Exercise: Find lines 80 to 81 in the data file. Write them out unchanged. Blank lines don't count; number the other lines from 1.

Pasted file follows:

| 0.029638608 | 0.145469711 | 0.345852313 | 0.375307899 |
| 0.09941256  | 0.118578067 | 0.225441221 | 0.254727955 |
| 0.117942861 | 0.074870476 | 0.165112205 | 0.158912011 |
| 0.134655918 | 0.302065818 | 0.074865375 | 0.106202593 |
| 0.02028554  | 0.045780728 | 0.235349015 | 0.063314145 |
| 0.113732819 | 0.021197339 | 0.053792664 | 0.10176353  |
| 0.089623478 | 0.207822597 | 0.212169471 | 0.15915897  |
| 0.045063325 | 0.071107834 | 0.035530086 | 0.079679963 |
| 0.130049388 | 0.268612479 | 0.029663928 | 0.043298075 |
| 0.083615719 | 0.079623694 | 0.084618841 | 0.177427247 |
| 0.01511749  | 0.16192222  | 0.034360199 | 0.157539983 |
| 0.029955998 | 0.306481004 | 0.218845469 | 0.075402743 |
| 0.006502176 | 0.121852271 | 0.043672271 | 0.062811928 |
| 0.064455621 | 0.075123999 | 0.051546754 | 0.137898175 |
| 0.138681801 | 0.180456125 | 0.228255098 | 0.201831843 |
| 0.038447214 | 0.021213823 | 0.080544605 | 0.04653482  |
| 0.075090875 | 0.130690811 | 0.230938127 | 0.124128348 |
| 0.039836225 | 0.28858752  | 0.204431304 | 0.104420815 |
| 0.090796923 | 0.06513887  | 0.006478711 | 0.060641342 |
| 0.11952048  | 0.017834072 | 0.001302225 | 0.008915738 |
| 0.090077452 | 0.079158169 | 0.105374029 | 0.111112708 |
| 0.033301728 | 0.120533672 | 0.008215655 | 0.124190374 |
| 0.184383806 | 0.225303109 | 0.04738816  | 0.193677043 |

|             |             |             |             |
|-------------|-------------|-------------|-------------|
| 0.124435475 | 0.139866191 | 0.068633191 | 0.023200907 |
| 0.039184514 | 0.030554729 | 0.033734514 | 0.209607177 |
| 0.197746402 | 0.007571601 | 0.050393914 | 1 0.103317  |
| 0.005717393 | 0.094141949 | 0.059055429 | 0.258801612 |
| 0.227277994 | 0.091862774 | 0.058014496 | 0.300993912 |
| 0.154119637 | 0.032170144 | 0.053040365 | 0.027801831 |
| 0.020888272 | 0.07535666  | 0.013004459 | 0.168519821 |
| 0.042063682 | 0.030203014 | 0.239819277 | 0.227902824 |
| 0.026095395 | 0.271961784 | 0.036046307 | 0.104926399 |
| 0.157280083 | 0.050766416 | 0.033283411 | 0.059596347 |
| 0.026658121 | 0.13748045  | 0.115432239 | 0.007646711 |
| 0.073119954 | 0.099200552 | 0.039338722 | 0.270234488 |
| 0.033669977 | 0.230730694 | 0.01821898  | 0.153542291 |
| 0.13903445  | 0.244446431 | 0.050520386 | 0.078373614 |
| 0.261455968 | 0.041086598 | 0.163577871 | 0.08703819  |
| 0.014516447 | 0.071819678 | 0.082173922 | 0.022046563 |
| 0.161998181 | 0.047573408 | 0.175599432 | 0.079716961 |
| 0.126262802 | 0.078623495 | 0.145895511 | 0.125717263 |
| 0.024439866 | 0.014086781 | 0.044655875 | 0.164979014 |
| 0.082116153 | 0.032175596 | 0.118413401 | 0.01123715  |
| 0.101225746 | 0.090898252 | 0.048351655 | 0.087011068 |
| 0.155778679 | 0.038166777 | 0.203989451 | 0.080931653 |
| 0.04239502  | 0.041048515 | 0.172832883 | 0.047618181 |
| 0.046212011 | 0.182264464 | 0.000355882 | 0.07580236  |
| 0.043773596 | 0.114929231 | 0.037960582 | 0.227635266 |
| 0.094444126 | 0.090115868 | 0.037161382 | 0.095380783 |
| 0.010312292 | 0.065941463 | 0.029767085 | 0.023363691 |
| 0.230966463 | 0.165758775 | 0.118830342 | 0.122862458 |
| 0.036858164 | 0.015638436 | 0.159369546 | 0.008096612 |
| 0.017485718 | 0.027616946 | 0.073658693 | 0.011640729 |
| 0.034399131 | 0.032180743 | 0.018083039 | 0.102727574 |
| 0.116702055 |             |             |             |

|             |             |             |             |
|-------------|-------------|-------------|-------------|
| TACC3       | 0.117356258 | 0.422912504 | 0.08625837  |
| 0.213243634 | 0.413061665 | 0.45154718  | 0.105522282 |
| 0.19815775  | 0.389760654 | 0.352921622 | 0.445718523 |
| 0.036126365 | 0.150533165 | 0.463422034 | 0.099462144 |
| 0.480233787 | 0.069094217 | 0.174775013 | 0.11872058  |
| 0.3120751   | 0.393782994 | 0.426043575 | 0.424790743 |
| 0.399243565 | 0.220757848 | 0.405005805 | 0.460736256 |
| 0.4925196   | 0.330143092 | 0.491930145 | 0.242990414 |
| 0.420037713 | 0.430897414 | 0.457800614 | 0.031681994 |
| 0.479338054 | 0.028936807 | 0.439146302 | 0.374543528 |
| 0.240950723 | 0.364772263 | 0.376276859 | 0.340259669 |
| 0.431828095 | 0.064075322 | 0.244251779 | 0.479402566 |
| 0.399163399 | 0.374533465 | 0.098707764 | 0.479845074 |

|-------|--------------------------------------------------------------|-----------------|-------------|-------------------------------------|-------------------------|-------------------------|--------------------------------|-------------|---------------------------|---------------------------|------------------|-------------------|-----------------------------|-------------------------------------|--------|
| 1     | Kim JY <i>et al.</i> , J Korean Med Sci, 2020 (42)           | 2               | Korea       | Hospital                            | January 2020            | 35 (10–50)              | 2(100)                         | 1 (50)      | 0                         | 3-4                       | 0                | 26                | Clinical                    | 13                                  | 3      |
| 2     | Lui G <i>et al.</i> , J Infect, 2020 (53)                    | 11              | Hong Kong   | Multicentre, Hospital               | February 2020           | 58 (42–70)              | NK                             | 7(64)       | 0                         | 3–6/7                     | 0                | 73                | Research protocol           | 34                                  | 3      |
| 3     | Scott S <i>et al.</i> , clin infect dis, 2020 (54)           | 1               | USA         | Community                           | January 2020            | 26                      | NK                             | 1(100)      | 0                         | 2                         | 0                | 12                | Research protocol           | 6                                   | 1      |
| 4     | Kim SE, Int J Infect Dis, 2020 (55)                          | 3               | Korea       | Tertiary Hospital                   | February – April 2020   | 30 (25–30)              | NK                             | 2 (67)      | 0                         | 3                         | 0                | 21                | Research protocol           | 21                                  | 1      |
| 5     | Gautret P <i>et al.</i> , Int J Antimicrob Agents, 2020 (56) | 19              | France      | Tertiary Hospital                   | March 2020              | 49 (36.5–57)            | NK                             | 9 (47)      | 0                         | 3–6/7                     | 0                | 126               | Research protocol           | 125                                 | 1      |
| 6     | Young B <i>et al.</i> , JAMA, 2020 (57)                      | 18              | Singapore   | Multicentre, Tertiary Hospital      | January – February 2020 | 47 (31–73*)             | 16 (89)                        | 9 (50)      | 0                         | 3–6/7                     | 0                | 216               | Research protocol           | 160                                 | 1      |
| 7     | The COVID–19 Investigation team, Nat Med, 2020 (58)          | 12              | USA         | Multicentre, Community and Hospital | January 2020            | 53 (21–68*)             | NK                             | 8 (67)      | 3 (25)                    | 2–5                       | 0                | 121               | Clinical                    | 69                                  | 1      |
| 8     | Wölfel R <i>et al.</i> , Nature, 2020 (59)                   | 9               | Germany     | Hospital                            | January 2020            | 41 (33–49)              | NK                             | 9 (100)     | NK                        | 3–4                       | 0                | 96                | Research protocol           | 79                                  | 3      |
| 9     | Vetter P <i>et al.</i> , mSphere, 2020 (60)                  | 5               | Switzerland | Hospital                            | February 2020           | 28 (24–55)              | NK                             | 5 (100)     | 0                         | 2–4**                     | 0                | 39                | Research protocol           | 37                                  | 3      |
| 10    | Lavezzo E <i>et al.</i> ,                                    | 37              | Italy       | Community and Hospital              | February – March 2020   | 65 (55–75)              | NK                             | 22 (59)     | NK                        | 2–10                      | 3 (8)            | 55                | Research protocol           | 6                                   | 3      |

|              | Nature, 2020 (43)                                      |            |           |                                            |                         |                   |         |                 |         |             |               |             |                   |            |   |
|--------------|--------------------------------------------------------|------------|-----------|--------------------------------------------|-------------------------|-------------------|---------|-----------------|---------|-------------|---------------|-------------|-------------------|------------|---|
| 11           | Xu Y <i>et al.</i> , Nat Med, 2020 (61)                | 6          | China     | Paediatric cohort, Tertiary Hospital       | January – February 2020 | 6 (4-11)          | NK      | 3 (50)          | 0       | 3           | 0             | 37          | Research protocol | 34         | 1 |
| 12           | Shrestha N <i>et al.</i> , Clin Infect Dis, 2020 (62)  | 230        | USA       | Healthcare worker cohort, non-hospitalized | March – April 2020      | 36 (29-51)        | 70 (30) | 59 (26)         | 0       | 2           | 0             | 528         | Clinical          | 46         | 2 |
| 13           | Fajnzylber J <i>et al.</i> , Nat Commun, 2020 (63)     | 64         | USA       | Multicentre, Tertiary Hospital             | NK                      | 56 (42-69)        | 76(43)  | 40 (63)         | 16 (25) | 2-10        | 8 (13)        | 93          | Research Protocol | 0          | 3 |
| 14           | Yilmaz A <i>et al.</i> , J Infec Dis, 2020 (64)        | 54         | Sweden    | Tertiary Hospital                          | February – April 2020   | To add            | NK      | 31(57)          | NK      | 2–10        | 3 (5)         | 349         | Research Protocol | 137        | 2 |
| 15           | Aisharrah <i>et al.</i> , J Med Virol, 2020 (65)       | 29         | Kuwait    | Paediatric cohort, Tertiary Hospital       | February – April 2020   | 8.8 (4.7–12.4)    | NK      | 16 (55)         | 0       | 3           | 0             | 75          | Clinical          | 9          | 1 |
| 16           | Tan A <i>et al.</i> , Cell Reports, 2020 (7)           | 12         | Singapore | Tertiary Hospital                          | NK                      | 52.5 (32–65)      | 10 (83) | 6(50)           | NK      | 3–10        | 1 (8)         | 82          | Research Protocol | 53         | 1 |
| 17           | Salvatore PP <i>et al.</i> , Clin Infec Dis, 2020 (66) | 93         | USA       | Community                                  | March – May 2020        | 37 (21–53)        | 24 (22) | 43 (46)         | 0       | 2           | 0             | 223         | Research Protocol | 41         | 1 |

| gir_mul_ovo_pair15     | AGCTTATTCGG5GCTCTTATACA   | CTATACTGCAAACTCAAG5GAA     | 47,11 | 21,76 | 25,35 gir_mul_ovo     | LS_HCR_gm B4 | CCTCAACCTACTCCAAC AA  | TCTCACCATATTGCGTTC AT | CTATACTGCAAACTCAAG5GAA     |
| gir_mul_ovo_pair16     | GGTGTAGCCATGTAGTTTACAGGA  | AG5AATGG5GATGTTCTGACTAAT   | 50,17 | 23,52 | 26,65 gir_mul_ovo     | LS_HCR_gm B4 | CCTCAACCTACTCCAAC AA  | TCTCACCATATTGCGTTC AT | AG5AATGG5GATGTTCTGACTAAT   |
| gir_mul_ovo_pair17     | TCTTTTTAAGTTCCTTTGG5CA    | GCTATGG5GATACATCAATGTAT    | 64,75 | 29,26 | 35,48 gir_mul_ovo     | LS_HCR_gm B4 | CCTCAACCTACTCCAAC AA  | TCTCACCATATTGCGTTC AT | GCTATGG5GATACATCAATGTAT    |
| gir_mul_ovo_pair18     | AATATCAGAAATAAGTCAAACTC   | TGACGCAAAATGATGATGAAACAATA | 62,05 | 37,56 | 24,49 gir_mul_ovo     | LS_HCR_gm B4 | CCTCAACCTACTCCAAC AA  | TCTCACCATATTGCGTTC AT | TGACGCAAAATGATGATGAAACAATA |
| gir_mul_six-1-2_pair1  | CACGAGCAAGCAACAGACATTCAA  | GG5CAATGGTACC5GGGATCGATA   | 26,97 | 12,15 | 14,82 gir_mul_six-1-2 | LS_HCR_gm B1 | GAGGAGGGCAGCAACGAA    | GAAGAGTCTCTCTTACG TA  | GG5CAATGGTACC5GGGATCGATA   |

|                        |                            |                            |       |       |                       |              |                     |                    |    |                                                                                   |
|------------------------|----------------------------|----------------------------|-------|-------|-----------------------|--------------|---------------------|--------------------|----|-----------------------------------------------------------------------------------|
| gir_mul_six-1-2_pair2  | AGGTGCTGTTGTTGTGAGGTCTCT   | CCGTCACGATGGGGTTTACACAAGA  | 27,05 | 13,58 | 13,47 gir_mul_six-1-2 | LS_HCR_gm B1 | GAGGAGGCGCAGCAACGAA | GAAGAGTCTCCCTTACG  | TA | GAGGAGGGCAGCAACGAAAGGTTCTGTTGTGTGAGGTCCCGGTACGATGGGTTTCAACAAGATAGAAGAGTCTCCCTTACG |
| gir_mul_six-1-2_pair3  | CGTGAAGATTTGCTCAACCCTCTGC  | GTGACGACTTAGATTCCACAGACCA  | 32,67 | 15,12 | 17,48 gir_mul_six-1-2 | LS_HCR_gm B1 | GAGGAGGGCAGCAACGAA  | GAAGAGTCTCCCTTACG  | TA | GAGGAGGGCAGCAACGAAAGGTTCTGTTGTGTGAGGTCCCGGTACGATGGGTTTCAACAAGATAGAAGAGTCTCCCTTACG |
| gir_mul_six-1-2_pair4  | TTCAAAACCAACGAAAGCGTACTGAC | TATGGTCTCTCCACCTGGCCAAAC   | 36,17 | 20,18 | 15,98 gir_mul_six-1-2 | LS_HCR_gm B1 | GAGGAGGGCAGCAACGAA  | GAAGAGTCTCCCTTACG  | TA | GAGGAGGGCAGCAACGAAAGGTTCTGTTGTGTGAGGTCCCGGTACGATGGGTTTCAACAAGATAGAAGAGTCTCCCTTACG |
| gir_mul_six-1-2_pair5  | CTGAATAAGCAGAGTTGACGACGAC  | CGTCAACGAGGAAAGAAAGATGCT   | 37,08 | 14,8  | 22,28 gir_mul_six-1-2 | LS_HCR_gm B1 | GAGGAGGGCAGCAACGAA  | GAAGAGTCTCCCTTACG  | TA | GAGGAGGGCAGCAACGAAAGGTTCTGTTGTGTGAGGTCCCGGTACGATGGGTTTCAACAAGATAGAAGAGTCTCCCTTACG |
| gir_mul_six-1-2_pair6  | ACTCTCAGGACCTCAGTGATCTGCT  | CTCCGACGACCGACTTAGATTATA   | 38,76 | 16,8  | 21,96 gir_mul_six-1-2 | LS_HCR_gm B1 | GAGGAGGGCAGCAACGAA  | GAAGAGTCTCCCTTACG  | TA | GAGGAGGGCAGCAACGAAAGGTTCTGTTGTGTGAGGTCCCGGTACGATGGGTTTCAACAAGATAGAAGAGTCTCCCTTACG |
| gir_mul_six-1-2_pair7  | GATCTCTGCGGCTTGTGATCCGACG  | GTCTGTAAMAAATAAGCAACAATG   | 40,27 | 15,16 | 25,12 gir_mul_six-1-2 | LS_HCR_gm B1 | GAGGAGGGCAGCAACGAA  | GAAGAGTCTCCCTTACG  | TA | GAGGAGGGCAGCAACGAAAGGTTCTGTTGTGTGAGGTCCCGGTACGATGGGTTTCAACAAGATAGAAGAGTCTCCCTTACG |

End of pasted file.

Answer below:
| 7     | The COVID–19 Investigation team, Nat Med, 2020 (58)          | 12              | USA         | Multicentre, Community and Hospital | January 2020            | 53 (21–68*)             | NK                             | 8 (67)      | 3 (25)                    | 2–5                       | 0                | 121               | Clinical                    | 69                                  | 1      |
| 8     | Wölfel R <i>et al.</i> , Nature, 2020 (59)                   | 9               | Germany     | Hospital                            | January 2020            | 41 (33–49)              | NK                             | 9 (100)     | NK                        | 3–4                       | 0                | 96                | Research protocol           | 79                                  | 3      |